Social Media: The Discoverable Window to the Truth
Pennsylvania – Civil Practice
- A social media user's indiscreet postings are pertinent to prove the truth or falsity of the claim.
- Any expectation of privacy with regard to Facebook and MySpace is unrealistic.
- The possibilities for finding relevant information in social media postings to successfully defend civil litigation are almost limitless.
In keeping with the times, the growing trend of Pennsylvania trial courts agrees that defense attorneys may use social media postings to poke holes in damages claims. While there is no case law regarding privacy issues and social networking sites on a statewide basis, these opinions offer well-reasoned, scholarly analyses that should be followed throughout the Commonwealth of Pennsylvania.
In McMillen v. Hummingbird Speedway, Inc., No. 113-2010 CD (C.P. Jefferson, Sept. 9, 2010), one of the earliest and most noteworthy reported cases on discovery of social media, President Judge John Henry Foradora of the Jefferson County Court of Common Pleas found that user names, log-in names and passwords were not confidential or subject to the protection of any evidentiary privilege, nor was the plaintiff permitted to delete postings from his social media accounts.
In McMillan, the plaintiff allegedly was injured when rear-ended during a cool-down lap following a stock car race. Upon review of the public portion of the plaintiff's account, the defendant found comments about a fishing trip and attendance at the Daytona 500 in Florida. The defendants, shortly thereafter, filed a motion to compel to see what truth would be revealed in the private postings. The court agreed, finding that a user's indiscreet postings are pertinent to prove the truth or falsity of the claim.
Judge Foradora specifically found that any expectation of privacy with regard to Facebook and MySpace would be unrealistic. The court reasoned that the relevant policies of the two sites suggest just the opposite. Judge Foradora wrote, "[W]hen a user communicates through Facebook or MySpace . . . he or she understands and tacitly submits to the possibility that a third-party recipient, i.e. one or more site operators, will also be receiving his or her messages and may further disclose them if the operator deems disclosure to be appropriate." The court also pointed out that communications could be disclosed by friends of the account holder with whom the communications were shared.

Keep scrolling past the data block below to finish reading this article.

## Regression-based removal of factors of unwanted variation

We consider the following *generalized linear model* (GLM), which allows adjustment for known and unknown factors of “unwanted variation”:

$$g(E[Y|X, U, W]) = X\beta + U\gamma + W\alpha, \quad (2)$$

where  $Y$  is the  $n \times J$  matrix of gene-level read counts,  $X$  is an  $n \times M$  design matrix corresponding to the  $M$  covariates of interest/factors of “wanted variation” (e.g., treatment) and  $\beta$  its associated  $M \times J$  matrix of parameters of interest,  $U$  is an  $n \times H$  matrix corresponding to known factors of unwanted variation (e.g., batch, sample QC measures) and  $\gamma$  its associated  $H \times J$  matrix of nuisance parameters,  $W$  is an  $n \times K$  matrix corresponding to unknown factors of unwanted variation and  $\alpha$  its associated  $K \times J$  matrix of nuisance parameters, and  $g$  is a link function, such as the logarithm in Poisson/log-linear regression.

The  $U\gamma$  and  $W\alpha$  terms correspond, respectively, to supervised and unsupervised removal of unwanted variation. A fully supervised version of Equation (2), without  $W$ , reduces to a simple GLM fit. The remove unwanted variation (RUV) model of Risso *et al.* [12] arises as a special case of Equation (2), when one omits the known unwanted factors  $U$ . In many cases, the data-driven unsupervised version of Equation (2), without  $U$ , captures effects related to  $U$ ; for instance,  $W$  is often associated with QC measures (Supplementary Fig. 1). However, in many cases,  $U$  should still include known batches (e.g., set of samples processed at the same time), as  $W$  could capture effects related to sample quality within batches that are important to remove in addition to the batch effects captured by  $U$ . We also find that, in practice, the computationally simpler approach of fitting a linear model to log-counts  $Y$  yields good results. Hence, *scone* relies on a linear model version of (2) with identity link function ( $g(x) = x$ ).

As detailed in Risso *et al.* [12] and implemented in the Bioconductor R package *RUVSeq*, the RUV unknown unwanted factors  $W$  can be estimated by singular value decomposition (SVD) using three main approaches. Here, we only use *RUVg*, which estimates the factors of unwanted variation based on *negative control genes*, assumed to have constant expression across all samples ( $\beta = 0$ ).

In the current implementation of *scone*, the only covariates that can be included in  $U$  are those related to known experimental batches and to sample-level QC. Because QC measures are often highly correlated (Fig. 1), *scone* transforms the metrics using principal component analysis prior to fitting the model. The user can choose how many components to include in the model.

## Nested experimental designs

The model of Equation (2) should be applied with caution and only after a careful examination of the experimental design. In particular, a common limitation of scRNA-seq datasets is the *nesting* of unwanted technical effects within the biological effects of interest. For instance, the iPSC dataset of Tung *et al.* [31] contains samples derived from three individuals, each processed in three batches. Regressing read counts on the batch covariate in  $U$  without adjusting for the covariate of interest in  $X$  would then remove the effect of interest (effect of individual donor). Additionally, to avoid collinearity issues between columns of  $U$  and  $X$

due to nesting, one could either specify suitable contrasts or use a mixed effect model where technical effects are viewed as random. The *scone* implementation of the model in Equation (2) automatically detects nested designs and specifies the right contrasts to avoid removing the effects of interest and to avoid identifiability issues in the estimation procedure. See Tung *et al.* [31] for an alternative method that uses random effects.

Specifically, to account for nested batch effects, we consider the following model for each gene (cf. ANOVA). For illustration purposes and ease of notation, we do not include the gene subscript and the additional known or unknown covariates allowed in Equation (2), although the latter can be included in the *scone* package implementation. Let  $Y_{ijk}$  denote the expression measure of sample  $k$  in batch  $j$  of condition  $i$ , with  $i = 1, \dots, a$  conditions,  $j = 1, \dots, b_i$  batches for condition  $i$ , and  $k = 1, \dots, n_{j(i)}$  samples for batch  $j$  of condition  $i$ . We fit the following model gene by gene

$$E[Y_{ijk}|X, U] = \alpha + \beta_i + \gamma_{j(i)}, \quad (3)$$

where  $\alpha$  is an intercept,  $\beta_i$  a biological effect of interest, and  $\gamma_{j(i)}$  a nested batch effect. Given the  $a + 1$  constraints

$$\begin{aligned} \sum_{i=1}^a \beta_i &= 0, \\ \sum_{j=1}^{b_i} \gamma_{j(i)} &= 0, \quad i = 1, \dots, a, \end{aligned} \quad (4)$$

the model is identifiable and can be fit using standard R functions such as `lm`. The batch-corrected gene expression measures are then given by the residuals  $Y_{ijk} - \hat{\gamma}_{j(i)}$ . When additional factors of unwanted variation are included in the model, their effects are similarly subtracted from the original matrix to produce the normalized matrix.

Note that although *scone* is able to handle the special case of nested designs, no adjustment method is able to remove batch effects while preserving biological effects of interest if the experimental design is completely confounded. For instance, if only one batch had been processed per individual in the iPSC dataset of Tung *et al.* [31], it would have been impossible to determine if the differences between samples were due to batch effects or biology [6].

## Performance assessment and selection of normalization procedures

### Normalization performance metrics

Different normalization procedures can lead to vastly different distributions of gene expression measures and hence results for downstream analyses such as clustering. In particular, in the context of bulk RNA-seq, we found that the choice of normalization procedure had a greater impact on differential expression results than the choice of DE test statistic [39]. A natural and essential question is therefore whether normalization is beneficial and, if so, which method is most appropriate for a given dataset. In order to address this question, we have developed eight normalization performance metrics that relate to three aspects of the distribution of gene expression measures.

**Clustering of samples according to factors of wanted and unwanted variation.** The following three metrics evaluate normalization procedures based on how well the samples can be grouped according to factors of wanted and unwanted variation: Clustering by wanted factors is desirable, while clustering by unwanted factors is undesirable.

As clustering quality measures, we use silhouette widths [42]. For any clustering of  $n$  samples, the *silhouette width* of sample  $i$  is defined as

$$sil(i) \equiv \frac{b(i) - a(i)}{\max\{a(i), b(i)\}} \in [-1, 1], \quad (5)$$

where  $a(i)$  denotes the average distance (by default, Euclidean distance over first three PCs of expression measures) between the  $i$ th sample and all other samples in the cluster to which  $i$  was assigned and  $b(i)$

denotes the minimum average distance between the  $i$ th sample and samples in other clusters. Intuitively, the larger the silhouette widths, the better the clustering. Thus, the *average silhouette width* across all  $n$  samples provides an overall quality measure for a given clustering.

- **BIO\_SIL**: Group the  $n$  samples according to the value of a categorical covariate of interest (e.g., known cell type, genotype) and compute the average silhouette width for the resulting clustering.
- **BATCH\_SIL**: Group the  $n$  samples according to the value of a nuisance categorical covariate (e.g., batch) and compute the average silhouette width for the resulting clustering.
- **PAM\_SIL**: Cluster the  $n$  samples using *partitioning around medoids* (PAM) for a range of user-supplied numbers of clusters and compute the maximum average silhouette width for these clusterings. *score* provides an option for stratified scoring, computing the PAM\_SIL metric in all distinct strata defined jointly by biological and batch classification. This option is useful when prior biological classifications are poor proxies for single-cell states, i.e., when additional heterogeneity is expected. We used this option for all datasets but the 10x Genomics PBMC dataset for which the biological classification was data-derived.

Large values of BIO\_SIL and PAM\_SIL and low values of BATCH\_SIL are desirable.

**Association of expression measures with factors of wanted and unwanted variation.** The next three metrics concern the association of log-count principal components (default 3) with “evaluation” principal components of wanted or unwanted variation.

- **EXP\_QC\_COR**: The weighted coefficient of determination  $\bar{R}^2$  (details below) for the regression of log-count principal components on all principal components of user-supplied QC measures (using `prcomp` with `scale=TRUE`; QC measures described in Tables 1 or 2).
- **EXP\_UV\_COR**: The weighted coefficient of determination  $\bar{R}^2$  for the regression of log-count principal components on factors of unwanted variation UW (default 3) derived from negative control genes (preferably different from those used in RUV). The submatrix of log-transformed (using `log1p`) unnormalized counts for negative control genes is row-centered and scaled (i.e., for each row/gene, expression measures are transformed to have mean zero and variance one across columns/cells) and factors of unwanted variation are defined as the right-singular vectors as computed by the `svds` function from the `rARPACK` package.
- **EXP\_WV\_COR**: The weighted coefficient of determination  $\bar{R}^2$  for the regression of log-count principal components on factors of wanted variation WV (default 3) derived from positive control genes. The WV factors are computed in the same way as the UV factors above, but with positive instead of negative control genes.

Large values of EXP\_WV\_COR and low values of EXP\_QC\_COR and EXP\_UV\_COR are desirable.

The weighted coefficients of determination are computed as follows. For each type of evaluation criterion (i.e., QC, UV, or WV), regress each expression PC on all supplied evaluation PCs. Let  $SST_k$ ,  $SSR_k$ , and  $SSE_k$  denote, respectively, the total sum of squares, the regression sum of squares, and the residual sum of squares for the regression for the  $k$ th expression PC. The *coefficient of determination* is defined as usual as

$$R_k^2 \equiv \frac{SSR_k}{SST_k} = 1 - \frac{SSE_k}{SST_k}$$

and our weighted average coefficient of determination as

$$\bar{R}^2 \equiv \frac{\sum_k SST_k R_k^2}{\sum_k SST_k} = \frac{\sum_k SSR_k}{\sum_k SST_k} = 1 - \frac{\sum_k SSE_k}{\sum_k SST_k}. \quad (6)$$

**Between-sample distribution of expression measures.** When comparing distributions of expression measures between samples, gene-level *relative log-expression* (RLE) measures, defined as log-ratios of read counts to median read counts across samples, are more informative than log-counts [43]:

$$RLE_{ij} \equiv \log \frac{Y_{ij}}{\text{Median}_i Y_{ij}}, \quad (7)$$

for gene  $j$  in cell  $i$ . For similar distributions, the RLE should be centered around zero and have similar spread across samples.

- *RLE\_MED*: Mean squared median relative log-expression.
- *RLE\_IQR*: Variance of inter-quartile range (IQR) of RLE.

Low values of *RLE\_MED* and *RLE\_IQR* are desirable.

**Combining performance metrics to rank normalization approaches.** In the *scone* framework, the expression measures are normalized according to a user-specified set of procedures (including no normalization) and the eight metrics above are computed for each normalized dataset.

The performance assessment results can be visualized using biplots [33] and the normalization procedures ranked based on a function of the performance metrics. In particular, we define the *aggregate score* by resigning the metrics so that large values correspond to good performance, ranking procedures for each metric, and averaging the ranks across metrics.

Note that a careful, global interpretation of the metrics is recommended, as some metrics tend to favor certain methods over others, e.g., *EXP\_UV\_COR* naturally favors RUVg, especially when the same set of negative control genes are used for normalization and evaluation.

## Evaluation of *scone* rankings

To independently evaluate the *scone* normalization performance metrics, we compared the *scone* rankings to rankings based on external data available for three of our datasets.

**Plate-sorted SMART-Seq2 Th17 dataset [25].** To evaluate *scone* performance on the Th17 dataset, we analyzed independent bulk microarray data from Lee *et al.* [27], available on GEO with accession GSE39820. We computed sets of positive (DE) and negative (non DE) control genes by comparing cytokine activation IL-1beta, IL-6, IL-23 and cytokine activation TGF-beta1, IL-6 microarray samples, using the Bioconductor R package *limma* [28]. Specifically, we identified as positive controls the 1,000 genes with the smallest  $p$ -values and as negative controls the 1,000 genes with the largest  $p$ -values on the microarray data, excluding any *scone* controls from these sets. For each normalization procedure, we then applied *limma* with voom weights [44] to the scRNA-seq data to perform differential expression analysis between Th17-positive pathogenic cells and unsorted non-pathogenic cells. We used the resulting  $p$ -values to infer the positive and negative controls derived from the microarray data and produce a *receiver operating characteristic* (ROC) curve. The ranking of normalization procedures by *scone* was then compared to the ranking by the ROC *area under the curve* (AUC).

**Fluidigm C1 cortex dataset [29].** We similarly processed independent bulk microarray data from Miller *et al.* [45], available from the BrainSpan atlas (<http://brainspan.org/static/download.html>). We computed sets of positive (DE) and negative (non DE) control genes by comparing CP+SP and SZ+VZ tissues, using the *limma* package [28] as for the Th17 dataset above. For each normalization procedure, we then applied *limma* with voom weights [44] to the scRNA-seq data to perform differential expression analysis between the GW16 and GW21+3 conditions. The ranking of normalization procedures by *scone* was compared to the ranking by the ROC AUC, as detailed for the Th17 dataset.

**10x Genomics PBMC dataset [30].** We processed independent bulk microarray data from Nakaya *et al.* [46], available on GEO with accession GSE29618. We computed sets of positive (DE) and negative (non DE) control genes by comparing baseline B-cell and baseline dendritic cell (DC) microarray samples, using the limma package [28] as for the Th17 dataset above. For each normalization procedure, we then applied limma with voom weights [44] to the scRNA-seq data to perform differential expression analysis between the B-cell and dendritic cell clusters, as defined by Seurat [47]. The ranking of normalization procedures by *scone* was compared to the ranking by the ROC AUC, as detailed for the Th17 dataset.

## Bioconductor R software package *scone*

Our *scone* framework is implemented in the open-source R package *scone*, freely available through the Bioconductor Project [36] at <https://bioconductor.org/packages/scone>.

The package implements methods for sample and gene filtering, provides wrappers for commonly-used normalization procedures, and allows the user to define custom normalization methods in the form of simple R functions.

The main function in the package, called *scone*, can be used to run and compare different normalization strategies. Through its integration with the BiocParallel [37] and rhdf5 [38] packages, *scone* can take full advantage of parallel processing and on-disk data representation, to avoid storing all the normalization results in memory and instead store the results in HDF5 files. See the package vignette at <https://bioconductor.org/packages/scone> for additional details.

In Zimmerman v. Weis Markets, No. CV-09-1535 (C.P. Northumberland, May 19, 2011), the wave of allowing discovery of social media websites continued to grow. The Honorable Charles H. Saylor similarly rejected the assertion that the privacy of an injured plaintiff outweighed the defendant's right to view evidence on the internet. The plaintiff alleged injuries to his left leg while operating a forklift for a subcontractor at the defendant's warehouse. The plaintiff claimed his injuries rendered him unable to "enjoy life and life's pleasures" or wear shorts because of an embarrassing scar. Pictures posted on the public portion of the plaintiff's Facebook page told a different story. The photos showed the plaintiff wearing shorts, that revealed a large scar, and riding a motorcycle.
The court reasoned that one who voluntarily posts pictures and information on Facebook and MySpace cannot then claim he possesses any reasonable expectation of privacy to prevent a defendant from access. Judge Saylor profoundly and succinctly wrote, "With the initiation of litigation to seek a monetary award based upon limitations or harm to one's person, any relevant, non-privileged information about one's life that is shared with others and can be gleaned by defendants from the Internet is fair game in today's society."
Although these court opinions affect only the counties in which they were issued, they should have longer reach. The search for truth is utmost and expressly permitted by the Pennsylvania Rules of Civil Procedure as follows:
A party may obtain discovery regarding any matter, not privileged, which is relevant to the subject matter involved in the pending action, whether it relates to the claim or the defense of the party seeking discovery . . . .
Since Facebook and MySpace account information may well relate to the claims and defenses, other trial courts in Pennsylvania should allow litigants to utilize these rational means for ascertaining the truth. This includes the indiscreet postings of a plaintiff who has no reasonable expectation that his or her communications on a social network site would remain confidential.
When one considers that social media postings may contain relevant, timely and ever-changing profile information - status updates, notes, shares, wallposts, friends, events, videos, photos, etc. - the possibilities for finding relevant information to successfully defend civil litigation is almost as limitless as the internet itself.
*Jason, a shareholder in our Bethlehem, Pennsylvania, office, can be reached at 484.895.2338 or email@example.com.
Defense Digest, Vol. 17, No. 3, September 2011